Electrical Engineer. Mr. begun and has served con
Wang is a native of
Fort Edward, N Y. He entered service Janu-
ary 10, 1910, as a postal clerk, and served many
years as Assistant Chief of the Division of Civil
Affairs. Mr. Kirkpatrick, who is a well known
student of the history of the Isthmus, was also
employed January 10, 1910, as draftsman. He

,is t)
nw m

served many years as
Chief of the Section of
Surveys. He is a native
of Bardolph, Ill. Mr.
Claybourn is a native
of Albert Lea, Minn.
He was employed as
rodman on August 17,
1910. Mr. Garlington
was born at Newberry,
N. C. He was first em-
ployed as operator in the
Electrical Division on
November 26, 1910.
These are only a few
of the men who par-
ticipated in the major
work of the construction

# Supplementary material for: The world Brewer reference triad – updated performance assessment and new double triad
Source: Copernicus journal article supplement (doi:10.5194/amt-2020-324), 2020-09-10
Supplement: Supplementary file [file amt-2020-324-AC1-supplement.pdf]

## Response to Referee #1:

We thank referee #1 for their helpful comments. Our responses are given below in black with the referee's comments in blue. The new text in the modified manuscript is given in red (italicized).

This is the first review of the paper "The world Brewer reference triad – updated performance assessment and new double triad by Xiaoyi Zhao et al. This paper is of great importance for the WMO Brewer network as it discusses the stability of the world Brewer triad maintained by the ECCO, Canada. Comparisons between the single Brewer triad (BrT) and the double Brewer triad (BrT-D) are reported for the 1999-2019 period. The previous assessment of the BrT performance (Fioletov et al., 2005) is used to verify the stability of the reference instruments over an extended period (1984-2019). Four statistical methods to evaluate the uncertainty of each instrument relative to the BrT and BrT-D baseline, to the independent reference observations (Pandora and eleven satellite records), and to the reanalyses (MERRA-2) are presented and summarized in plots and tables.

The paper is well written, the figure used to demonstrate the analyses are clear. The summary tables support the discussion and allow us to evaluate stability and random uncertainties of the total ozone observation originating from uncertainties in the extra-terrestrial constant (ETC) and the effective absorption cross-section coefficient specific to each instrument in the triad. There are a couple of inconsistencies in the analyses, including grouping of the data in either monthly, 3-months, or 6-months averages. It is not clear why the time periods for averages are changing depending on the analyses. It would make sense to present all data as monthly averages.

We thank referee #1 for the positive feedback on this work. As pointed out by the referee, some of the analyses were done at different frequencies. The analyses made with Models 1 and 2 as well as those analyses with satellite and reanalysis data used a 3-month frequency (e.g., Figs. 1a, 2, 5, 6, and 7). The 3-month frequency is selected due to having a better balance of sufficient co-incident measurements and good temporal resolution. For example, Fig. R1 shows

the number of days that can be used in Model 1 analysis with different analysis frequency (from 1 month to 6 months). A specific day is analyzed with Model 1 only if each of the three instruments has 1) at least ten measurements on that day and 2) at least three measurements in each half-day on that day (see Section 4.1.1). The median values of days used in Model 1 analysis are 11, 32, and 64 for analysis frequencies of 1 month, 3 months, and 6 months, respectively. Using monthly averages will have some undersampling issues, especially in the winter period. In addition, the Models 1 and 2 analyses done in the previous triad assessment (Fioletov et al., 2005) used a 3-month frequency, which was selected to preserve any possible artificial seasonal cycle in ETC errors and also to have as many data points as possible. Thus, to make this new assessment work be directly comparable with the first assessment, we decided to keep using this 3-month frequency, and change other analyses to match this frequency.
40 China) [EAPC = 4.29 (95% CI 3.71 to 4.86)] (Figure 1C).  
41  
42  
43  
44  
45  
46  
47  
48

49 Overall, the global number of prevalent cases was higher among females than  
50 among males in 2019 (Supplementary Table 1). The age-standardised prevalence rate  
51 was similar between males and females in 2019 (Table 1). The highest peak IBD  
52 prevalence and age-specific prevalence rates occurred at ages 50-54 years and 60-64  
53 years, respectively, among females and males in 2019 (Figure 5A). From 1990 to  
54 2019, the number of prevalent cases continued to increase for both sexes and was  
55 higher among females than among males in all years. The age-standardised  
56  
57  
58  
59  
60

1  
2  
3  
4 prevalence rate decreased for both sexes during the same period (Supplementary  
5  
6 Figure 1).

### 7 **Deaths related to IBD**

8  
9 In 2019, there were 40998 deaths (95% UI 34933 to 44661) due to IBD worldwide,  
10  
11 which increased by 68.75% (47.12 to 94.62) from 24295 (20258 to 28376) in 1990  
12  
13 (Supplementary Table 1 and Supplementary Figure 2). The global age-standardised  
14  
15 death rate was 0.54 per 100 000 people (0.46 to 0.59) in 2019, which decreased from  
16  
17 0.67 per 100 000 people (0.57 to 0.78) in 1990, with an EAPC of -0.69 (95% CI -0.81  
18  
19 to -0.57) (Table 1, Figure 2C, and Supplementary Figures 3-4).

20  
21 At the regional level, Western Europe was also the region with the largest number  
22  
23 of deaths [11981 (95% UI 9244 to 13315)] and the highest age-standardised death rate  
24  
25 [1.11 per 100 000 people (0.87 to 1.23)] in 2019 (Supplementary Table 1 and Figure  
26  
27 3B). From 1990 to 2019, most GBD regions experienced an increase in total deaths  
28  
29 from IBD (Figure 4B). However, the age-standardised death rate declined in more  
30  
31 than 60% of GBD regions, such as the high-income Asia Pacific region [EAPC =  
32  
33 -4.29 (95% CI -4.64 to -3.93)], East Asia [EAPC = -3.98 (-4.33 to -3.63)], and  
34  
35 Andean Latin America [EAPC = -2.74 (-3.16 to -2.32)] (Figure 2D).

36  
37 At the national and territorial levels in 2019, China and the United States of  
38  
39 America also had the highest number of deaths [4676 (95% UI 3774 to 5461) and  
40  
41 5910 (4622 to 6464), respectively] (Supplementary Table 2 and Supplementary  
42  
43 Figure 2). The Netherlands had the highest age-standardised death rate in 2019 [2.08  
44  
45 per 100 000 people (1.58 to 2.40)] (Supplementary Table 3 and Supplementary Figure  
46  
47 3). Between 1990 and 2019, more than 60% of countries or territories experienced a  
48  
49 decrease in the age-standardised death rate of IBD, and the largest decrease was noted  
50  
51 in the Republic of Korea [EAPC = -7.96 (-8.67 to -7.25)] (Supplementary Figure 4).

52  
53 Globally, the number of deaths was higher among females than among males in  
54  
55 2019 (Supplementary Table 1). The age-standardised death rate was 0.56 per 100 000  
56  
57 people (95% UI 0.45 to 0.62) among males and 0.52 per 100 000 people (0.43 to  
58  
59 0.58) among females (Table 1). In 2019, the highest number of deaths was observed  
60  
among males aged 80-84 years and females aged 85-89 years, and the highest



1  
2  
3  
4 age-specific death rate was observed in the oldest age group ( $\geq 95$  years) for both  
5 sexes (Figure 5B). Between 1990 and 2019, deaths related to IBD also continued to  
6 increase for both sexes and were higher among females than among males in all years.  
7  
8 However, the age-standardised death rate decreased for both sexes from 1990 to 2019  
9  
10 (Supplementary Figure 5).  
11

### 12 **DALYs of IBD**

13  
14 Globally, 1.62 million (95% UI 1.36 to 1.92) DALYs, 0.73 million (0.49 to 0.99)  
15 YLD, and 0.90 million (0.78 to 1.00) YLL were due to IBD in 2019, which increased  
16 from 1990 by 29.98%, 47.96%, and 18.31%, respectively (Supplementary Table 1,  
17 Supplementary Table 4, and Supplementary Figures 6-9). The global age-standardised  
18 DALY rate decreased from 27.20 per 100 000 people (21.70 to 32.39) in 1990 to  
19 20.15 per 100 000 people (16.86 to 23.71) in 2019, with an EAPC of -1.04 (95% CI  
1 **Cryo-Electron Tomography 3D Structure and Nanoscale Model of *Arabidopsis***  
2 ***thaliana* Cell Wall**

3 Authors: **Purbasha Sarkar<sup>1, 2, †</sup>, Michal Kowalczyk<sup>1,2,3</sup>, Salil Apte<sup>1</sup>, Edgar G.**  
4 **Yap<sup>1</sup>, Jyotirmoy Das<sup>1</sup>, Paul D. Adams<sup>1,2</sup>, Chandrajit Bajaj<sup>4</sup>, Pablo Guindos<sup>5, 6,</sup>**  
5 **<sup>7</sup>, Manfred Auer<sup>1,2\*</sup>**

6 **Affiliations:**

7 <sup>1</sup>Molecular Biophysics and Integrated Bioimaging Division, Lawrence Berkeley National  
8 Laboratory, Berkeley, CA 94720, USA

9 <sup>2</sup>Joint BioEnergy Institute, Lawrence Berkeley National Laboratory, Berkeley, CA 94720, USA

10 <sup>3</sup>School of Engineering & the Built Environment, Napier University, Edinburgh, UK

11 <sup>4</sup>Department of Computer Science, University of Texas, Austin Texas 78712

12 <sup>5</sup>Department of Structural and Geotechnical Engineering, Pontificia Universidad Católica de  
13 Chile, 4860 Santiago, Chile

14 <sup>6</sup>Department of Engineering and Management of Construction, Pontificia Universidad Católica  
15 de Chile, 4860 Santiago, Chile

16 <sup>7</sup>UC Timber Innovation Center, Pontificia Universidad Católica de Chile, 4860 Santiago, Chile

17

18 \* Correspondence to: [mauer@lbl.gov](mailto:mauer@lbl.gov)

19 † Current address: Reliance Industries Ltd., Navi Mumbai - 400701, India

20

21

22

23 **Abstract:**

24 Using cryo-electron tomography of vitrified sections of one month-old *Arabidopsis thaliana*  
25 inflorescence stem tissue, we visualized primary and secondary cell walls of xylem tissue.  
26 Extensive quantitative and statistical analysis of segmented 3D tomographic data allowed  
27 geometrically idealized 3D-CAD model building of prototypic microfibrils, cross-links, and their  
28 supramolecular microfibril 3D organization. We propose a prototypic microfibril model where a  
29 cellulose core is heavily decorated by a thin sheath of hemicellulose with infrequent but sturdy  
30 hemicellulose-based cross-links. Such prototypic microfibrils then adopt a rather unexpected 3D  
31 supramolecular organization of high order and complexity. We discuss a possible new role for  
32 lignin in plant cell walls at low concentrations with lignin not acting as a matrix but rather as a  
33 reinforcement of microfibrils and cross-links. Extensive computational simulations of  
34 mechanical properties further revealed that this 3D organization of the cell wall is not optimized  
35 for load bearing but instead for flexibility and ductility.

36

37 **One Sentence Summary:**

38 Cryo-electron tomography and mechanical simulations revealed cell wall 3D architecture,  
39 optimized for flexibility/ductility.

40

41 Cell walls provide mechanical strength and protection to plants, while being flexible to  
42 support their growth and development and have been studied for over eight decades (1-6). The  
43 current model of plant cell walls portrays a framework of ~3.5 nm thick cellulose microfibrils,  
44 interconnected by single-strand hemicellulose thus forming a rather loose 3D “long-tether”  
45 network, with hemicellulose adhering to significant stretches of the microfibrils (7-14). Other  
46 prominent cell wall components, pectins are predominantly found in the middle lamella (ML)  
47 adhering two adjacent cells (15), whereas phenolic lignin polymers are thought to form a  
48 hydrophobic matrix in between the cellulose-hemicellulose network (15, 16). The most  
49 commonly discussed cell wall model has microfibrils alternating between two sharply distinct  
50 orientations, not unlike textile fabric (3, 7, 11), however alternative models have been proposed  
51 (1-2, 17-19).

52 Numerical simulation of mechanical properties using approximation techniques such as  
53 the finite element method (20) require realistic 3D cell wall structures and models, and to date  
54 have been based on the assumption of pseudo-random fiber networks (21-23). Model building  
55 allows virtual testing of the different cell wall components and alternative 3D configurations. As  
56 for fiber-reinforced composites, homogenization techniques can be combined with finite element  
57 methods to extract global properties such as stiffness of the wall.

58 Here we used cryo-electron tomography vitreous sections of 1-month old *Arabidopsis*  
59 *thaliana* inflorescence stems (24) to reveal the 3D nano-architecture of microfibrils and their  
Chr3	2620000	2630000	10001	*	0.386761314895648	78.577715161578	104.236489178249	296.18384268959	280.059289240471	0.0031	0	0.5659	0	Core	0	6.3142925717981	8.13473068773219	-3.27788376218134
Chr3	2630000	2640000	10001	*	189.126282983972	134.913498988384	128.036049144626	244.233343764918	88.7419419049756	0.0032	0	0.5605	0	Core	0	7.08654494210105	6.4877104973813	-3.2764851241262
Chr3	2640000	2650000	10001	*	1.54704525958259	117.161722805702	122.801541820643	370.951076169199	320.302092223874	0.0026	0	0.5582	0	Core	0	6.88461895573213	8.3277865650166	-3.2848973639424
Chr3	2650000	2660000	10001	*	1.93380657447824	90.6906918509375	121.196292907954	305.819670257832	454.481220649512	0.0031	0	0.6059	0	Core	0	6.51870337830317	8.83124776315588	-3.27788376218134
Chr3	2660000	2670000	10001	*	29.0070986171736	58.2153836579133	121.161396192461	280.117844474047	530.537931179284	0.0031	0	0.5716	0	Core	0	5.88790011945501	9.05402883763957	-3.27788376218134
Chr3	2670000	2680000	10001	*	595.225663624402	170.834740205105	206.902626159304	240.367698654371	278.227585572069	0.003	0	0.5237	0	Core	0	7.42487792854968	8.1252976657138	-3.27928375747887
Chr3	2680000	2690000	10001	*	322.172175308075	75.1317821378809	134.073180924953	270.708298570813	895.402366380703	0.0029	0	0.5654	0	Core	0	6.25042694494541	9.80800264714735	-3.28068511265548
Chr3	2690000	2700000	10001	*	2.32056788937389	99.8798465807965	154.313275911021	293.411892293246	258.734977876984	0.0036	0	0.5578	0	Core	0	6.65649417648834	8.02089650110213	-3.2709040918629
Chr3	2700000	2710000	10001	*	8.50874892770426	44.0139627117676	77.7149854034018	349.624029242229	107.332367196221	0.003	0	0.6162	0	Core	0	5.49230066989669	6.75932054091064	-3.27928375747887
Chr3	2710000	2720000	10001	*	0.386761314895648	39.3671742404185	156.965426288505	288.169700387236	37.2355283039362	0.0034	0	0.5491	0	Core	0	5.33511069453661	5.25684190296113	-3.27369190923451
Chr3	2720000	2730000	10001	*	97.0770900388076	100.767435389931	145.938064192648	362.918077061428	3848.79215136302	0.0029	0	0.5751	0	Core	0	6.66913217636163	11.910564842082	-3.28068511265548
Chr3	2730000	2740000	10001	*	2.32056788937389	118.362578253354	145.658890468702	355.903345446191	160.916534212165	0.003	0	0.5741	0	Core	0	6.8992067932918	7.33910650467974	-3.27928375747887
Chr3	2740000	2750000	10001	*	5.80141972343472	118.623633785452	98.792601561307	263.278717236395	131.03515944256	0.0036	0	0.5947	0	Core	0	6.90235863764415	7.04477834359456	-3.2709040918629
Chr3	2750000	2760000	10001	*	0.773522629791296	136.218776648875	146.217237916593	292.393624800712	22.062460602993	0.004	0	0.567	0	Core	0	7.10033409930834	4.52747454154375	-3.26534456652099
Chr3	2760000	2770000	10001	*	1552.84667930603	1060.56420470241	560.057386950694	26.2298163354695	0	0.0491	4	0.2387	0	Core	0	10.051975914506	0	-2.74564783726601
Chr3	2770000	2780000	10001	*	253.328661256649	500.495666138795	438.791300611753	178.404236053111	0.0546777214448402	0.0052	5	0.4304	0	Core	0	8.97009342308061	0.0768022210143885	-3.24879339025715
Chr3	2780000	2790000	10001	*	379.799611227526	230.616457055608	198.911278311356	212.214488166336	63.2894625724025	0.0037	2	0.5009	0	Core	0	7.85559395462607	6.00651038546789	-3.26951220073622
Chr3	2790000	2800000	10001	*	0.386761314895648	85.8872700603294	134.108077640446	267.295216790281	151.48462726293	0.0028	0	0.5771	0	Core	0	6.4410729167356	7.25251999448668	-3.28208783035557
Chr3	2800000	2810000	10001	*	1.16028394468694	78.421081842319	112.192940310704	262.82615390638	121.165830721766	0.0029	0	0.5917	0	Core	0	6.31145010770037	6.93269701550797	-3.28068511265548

of the Canal. There are
many others who also
hold responsible posi-
tions in the Canal serv-
ice today. All of them
have made the Pana-
ma Canal service their
life's work and today
their interest in its
growth and develop-
ment is as great as when
they arrived on the
he oldest American employee Isthmus more than a
ice. He came to the Isthmus quarter of a century ago.
months after construction was From such men has
ursly since that time. From such men has
been transmitted to the
younger men of the Canal organization of to-
day the esprit de corps which made the construc-
tion of the Canal a success and by means of
which the gateway between the Atlantic and
Pacific oceans was thrown open to world com-



a l. l.

i .

This dilapidated building was used as a police station in
Empire during 1904 but it soon became necessary to provide
a larger and better building.

This modern, concrete structure is now used as a police
station in Gatun. Living quarters are provided in the
building for some of the bachelor officers.
Page fifty-five

August 15, 1914


August 15, 1939


The Oldtimers

HERE are more than 300 officers and employees of The Panama Canal and Panama Rail-
road Company who served three or more years during the construction of the Canal from